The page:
Assuming that the sensor messages are perfectly received by the FC, then the quantized message at the ith sensor can be modelled as

[z.sub.i] (k) = [y.sub.i] (k) + [q.sub.i], i = 1,2,3,... ,N, (6)

where qt is the zero mean quantization error with a variance less than [DELTA]2/4. Moreover, as performed locally at each sensor without coordination, the quantized noises atkth time iteration are mutually independent.

3. Two Quantized Measurement Fusion Approaches

By Lemma 1, the relationship between the original signal of ith sensor and the data received by the FC can be reformulated by

[z.sub.i](k) = [h.sub.i] (x(k),k) + [n.sub.i] (k), i = 1,2,3,... ,N, (7)

where [n.sub.i](k) = [v.sub.i] (k) + [q.sub.i](k) are mutually independent with zero mean and variance:

[MATHEMATICAL EXPRESSION NOT REPRODUCIBLE IN ASCII]. (8)

By quantized measurement fusion, the N local sensor observation models in (7) can be integrated into the following vector model:

z(k) = h(x(k) ,k) + n(k), (9)

where n(k) are zero mean fused noise with variance R(k) that will be determined as follows.

Commonly, there exist two approaches to obtain the quantized measurement fusion (see, e.g., [17, 20] and the references therein). One is the augmented approach that merges all the received data into a vector form as follows:

[MATHEMATICAL EXPRESSION NOT REPRODUCIBLE IN ASCII]. (10)

Then by approximately considering the noise [n.sub.i](k) to be white noises, we can use nonlinear filtering techniques to get the state vector estimate (see, e.g., [21]).

The other approach first combines the quantized measurements based on the BLUE rule (we will refer to weighted approach thereafter), and then traditional filtering schemes are employed to estimate the state of the target. Specifically, the fusion measurement can be obtained by weighted observation using the quasi-BLUE scheme:

[MATHEMATICAL EXPRESSION NOT REPRODUCIBLE IN ASCII]. (11)

The incurred MSE is thus

[MATHEMATICAL EXPRESSION NOT REPRODUCIBLE IN ASCII]. (12)

Remark 2. Because the first approach makes use of all the raw quantized messages, it most likely provides a better estimate. However, the latter approach has a lower computational load since the observation vector dimension is kept unchanged regardless of the number of the sensors deployed [17]. This is especially preferable in densely deployed wireless sensor network since the number of sensors deployed in a snapshot will be large, which makes the dimension of observation space high. The cost of calculating inverse matrix, which is involved in computing the gain of the filter, is in proportion to cubic dimension of system observation space; therefore, the computational burden will increase when using the augmented approach as (10).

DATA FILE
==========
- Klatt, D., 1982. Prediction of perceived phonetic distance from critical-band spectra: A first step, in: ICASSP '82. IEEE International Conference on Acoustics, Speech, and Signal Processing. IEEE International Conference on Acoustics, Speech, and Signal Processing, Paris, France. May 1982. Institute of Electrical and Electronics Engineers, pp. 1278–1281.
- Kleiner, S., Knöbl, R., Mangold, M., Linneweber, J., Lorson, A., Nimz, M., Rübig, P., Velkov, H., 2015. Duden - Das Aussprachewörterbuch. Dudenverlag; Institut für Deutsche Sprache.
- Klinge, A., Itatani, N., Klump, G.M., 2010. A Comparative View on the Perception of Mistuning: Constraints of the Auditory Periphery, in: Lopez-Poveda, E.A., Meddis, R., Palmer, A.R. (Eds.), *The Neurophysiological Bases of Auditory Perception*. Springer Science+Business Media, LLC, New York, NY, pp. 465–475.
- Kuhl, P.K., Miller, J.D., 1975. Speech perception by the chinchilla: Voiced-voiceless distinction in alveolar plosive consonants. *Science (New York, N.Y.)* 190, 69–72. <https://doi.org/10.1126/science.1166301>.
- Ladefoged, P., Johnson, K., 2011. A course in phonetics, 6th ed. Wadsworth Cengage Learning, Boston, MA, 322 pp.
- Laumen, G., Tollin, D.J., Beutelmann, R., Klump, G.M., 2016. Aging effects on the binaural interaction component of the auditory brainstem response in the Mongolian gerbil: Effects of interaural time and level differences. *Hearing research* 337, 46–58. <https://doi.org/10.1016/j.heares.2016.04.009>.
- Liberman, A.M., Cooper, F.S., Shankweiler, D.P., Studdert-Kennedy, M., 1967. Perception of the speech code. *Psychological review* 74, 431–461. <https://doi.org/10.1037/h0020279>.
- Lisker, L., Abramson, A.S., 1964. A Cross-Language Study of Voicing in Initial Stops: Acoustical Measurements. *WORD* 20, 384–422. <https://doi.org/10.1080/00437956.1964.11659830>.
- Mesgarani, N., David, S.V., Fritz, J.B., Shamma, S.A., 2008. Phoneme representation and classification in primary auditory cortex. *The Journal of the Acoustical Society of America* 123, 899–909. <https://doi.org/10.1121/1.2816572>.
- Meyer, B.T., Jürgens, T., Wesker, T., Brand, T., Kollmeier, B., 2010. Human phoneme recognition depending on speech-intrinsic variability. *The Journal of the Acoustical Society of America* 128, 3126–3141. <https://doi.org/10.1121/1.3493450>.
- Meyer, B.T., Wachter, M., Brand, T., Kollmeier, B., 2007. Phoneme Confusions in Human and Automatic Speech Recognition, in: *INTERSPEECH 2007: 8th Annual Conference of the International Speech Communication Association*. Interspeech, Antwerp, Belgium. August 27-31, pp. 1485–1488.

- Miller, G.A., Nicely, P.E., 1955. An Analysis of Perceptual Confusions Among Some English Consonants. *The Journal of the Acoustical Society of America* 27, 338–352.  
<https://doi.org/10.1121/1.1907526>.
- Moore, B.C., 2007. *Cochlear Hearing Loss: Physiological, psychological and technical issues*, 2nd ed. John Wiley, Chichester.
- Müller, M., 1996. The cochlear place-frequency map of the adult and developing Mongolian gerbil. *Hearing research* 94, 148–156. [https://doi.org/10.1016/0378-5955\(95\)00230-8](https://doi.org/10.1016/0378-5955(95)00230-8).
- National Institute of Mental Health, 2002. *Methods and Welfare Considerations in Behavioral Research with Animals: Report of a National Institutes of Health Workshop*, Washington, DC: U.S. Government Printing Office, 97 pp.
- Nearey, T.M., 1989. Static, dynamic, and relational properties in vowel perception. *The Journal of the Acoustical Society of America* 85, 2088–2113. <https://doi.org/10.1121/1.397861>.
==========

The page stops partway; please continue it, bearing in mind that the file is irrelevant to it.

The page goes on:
Remark 3. It is easy to see that the accuracy of fused quantized measurement is better if the variance of the quantized noise is smaller. We can make its upper bound small, which means that more bandwidths need to be supplied. However, the sensor power and transmission bandwidth are limited in a WSN. In the following, we will consider the bandwidth scheduling problem that solves the tradeoff between energy/power constraints and fusion performance for both quantized measurement fusion approaches.

4. Bandwidth Scheduling for Augmented Approach

In this section, we consider the bandwidth scheduling problem for the quantized measurement fusion via augmented approach. First, a practical energy model is introduced. Then, based on the energy model and the quantization scheme, we set up the optimization problem for bandwidth scheduling. Finally the explicit optimal solution is obtained through the Lagrange technique.

4.1. The Energy Model. We assume that the channel between the ith sensor and the FC experiences a path loss proportional to [MATHEMATICAL EXPRESSION NOT REPRODUCIBLE IN ASCII].where [d.sub.i] is the transmission distance between the ith sensor and the FC. Then the consumed energy of the ith sensor at time step k is

[MATHEMATICAL EXPRESSION NOT REPRODUCIBLE IN ASCII], (13)

where [MATHEMATICAL EXPRESSION NOT REPRODUCIBLE IN ASCII] is the energy density [22], in which [rho] is a constant depending on the noise profile, and [P.sub.b] is the target bit error rate assumed common to all sensor-to-FC links.

4.2. Optimization Problem Setup. Our primary goal is to minimize the total energy consumption while meeting the constraints on fusion performance. Thus, we consider the following optimization:

[MATHEMATICAL EXPRESSION NOT REPRODUCIBLE IN ASCII], (14)